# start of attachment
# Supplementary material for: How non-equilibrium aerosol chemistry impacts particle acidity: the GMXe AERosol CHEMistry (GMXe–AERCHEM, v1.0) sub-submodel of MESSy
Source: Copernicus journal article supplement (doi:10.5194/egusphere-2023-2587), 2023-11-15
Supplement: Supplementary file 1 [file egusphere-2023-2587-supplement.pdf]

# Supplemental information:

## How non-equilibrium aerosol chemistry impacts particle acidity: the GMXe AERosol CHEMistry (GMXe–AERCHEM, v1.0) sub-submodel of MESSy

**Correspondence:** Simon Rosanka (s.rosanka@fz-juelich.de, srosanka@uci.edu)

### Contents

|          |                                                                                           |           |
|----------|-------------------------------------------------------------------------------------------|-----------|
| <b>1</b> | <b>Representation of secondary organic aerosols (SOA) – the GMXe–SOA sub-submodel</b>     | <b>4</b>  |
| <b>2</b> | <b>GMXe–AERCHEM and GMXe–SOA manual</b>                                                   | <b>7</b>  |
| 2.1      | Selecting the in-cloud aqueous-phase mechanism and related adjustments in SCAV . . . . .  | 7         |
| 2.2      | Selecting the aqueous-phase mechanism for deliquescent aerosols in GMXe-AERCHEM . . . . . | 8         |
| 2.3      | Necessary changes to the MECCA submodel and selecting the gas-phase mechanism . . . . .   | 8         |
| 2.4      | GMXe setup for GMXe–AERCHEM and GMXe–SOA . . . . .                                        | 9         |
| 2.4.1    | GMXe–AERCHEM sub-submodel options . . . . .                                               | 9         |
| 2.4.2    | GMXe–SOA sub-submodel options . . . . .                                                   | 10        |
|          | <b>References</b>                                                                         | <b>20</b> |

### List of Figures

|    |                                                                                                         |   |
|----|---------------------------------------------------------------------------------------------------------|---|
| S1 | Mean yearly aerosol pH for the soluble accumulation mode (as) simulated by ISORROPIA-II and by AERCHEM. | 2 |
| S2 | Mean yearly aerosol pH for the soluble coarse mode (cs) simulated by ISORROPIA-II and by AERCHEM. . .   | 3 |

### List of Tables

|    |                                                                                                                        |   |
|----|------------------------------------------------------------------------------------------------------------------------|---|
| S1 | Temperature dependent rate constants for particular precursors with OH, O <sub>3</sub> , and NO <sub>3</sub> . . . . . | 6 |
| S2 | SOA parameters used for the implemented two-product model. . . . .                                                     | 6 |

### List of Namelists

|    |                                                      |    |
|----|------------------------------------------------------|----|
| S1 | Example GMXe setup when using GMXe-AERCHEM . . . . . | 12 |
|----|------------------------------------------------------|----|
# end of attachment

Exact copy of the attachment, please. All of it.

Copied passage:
# Supplementary material for: How non-equilibrium aerosol chemistry impacts particle acidity: the GMXe AERosol CHEMistry (GMXe–AERCHEM, v1.0) sub-submodel of MESSy
Source: Copernicus journal article supplement (doi:10.5194/egusphere-2023-2587), 2023-11-15
Supplement: Supplementary file 1 [file egusphere-2023-2587-supplement.pdf]

# Supplemental information:

## How non-equilibrium aerosol chemistry impacts particle acidity: the GMXe AERosol CHEMistry (GMXe–AERCHEM, v1.0) sub-submodel of MESSy

**Correspondence:** Simon Rosanka (s.rosanka@fz-juelich.de, srosanka@uci.edu)

### Contents

|          |                                                                                           |           |
|----------|-------------------------------------------------------------------------------------------|-----------|
| <b>1</b> | <b>Representation of secondary organic aerosols (SOA) – the GMXe–SOA sub-submodel</b>     | <b>4</b>  |
| <b>2</b> | <b>GMXe–AERCHEM and GMXe–SOA manual</b>                                                   | <b>7</b>  |
| 2.1      | Selecting the in-cloud aqueous-phase mechanism and related adjustments in SCAV . . . . .  | 7         |
| 2.2      | Selecting the aqueous-phase mechanism for deliquescent aerosols in GMXe-AERCHEM . . . . . | 8         |
| 2.3      | Necessary changes to the MECCA submodel and selecting the gas-phase mechanism . . . . .   | 8         |
| 2.4      | GMXe setup for GMXe–AERCHEM and GMXe–SOA . . . . .                                        | 9         |
| 2.4.1    | GMXe–AERCHEM sub-submodel options . . . . .                                               | 9         |
| 2.4.2    | GMXe–SOA sub-submodel options . . . . .                                                   | 10        |
|          | <b>References</b>                                                                         | <b>20</b> |

### List of Figures

|    |                                                                                                         |   |
|----|---------------------------------------------------------------------------------------------------------|---|
| S1 | Mean yearly aerosol pH for the soluble accumulation mode (as) simulated by ISORROPIA-II and by AERCHEM. | 2 |
| S2 | Mean yearly aerosol pH for the soluble coarse mode (cs) simulated by ISORROPIA-II and by AERCHEM. . .   | 3 |

### List of Tables

|    |                                                                                                                        |   |
|----|------------------------------------------------------------------------------------------------------------------------|---|
| S1 | Temperature dependent rate constants for particular precursors with OH, O <sub>3</sub> , and NO <sub>3</sub> . . . . . | 6 |
| S2 | SOA parameters used for the implemented two-product model. . . . .                                                     | 6 |

### List of Namelists

|    |                                                      |    |
|----|------------------------------------------------------|----|
| S1 | Example GMXe setup when using GMXe-AERCHEM . . . . . | 12 |
|----|------------------------------------------------------|----|